High-flying women are catching up with men when it comes to executive pay but are still woefully under-represented at the top of the working world, a pay comparison firm said yesterday. The gap between what executive men and women earn fell sharply in Britain and the United States after a global focus on sexism in the workplace forced new laws to address the gaping imbalance, said executive wage comparison website The Pay Index. The British pay gap almost halved, while the gender divide in U.S. salaries narrowed still further.
"It's a remarkable figure, but we do think it's because a spotlight has been shone onto this issue," Kevin Matthews, a spokesman for the firm, told the Thomson Reuters Foundation.
"No company is able to hide from that now," said Matthews.
There has been growing debate worldwide over entrenched sexism in the workplace, with women questioning why they still earn less and progress slower than male colleagues. The scrutiny appears to have led to action, according to The Pay Index, which analyzed data from more than 6,000 users in Britain and the U.S. who were earning $100,000-plus. In Britain, the average gender pay gap dropped from 22 percent in March to 12 percent in September, it found after analyzing pay data submitted by users. In the U.S., the gap sank from 8 percent to 2 percent over the same period.
The website is focused on executive pay and requires users to enter their own pay details in order to compare their salary with others in similar roles. Although it has users worldwide, most are based in Britain and the U.S. It had no data from lower-paid workers. Women in the U.S. in full-time work earn about 80 percent of what men are paid on average, according to the U.S. Census Bureau. The average pay gap for full-time British workers dropped to a record low of 8.6 percent in 2018, official data showed last week.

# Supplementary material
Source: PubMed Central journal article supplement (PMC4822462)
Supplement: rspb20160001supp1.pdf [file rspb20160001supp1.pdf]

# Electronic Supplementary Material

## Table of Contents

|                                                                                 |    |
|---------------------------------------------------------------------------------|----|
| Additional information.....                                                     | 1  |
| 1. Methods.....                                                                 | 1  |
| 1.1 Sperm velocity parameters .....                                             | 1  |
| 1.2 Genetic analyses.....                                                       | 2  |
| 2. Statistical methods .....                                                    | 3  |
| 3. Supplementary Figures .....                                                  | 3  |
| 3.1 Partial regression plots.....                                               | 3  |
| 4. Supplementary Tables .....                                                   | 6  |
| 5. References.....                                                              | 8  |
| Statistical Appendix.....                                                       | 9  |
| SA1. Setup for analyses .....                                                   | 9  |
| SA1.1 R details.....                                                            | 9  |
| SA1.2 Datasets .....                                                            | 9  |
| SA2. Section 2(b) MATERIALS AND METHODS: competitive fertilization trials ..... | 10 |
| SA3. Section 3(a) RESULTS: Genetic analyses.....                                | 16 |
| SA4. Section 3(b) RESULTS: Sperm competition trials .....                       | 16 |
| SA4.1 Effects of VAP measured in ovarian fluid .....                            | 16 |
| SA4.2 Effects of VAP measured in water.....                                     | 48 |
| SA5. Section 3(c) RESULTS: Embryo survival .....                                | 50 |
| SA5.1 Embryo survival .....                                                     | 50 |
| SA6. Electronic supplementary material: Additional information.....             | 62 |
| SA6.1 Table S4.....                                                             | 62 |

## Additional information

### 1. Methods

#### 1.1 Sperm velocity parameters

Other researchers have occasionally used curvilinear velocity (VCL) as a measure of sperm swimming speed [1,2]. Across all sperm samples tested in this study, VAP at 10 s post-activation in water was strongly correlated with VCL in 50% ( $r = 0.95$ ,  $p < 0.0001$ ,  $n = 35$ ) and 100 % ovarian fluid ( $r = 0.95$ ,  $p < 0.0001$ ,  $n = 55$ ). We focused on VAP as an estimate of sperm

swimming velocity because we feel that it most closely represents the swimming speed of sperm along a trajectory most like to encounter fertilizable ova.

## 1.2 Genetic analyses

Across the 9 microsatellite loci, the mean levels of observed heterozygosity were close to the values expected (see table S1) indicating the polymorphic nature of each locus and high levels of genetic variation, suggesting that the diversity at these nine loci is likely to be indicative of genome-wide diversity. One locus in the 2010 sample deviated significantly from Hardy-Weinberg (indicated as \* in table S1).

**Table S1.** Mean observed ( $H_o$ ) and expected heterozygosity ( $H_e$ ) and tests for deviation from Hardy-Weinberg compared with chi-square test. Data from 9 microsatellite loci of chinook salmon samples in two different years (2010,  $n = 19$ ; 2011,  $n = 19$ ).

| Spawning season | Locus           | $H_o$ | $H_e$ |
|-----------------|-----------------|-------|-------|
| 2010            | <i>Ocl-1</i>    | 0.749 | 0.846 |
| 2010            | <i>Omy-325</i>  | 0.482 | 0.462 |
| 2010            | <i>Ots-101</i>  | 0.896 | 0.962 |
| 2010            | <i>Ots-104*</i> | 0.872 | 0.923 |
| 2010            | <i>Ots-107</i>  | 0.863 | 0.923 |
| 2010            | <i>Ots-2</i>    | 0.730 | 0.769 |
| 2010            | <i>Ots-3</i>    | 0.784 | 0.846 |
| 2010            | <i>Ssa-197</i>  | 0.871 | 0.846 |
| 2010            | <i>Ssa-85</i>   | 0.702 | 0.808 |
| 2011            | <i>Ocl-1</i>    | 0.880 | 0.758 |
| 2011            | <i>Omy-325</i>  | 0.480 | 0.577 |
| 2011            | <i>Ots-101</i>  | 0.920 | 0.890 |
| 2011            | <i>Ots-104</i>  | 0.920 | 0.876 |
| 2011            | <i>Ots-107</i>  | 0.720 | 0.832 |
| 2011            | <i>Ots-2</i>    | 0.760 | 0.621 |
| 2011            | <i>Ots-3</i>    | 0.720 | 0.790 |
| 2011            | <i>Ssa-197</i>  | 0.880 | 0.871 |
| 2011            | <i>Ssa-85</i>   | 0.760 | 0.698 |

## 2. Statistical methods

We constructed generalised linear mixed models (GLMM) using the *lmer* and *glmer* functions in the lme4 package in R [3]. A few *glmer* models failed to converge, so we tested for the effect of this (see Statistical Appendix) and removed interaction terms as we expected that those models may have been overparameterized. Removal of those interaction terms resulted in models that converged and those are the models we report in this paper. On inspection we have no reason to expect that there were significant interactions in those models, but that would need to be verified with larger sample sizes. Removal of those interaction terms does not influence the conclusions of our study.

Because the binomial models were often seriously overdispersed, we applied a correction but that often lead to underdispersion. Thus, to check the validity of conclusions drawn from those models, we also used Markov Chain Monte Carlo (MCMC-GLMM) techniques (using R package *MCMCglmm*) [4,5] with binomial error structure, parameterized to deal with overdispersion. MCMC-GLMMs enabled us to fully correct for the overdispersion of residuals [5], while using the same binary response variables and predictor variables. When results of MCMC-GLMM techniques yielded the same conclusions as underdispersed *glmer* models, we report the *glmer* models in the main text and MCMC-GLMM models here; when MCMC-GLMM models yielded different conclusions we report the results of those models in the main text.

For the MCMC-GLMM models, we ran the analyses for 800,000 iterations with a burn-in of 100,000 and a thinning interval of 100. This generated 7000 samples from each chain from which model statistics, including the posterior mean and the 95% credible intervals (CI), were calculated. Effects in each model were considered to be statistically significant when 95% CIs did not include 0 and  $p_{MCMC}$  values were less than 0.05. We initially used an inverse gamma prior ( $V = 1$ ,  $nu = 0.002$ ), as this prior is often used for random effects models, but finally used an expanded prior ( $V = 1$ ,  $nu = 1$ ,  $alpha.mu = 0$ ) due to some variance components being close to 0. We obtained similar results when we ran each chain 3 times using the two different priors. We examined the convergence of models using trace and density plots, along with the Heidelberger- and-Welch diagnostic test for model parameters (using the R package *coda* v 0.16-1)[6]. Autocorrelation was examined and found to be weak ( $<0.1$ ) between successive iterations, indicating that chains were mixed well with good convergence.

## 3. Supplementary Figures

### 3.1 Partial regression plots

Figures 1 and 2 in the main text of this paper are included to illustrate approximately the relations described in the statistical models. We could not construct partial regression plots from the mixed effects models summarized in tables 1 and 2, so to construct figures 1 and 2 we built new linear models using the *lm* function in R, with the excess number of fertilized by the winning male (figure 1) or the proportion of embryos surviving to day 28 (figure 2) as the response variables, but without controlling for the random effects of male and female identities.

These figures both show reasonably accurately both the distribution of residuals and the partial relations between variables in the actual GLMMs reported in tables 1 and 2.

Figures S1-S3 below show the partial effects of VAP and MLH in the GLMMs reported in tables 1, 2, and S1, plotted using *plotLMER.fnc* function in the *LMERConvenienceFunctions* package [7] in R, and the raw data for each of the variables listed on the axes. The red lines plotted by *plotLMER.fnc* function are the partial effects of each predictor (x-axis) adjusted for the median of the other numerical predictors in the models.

In a bid to tackle discrimination, New York City has banned employers from asking job applicants about previous salaries, with other U.S. states and cities passing a similar legislation. Campaigners say such questions trap women in lower pay. Since April, British firms employing 250 or more people must publish details of their average gender pay gap every year.
Matthews said the U.S. appears to have a "head start" as its laws came into force earlier and that he expected British pay equality to improve further. He said women only make up about a quarter of the website's users, suggesting while conditions may be improving for those in boardrooms, others still struggle to reach senior posts. Moves to combat pay discrimination are welcome, but more action is needed to address the "staggering under-representation of women in executive roles," said Sarah Alter, president of the U.S. organization Network of Executive Women.
"We must have gender pay parity - but we need parity in workplace support, leadership development, mentorship and sponsorship, and career opportunity, too," she said.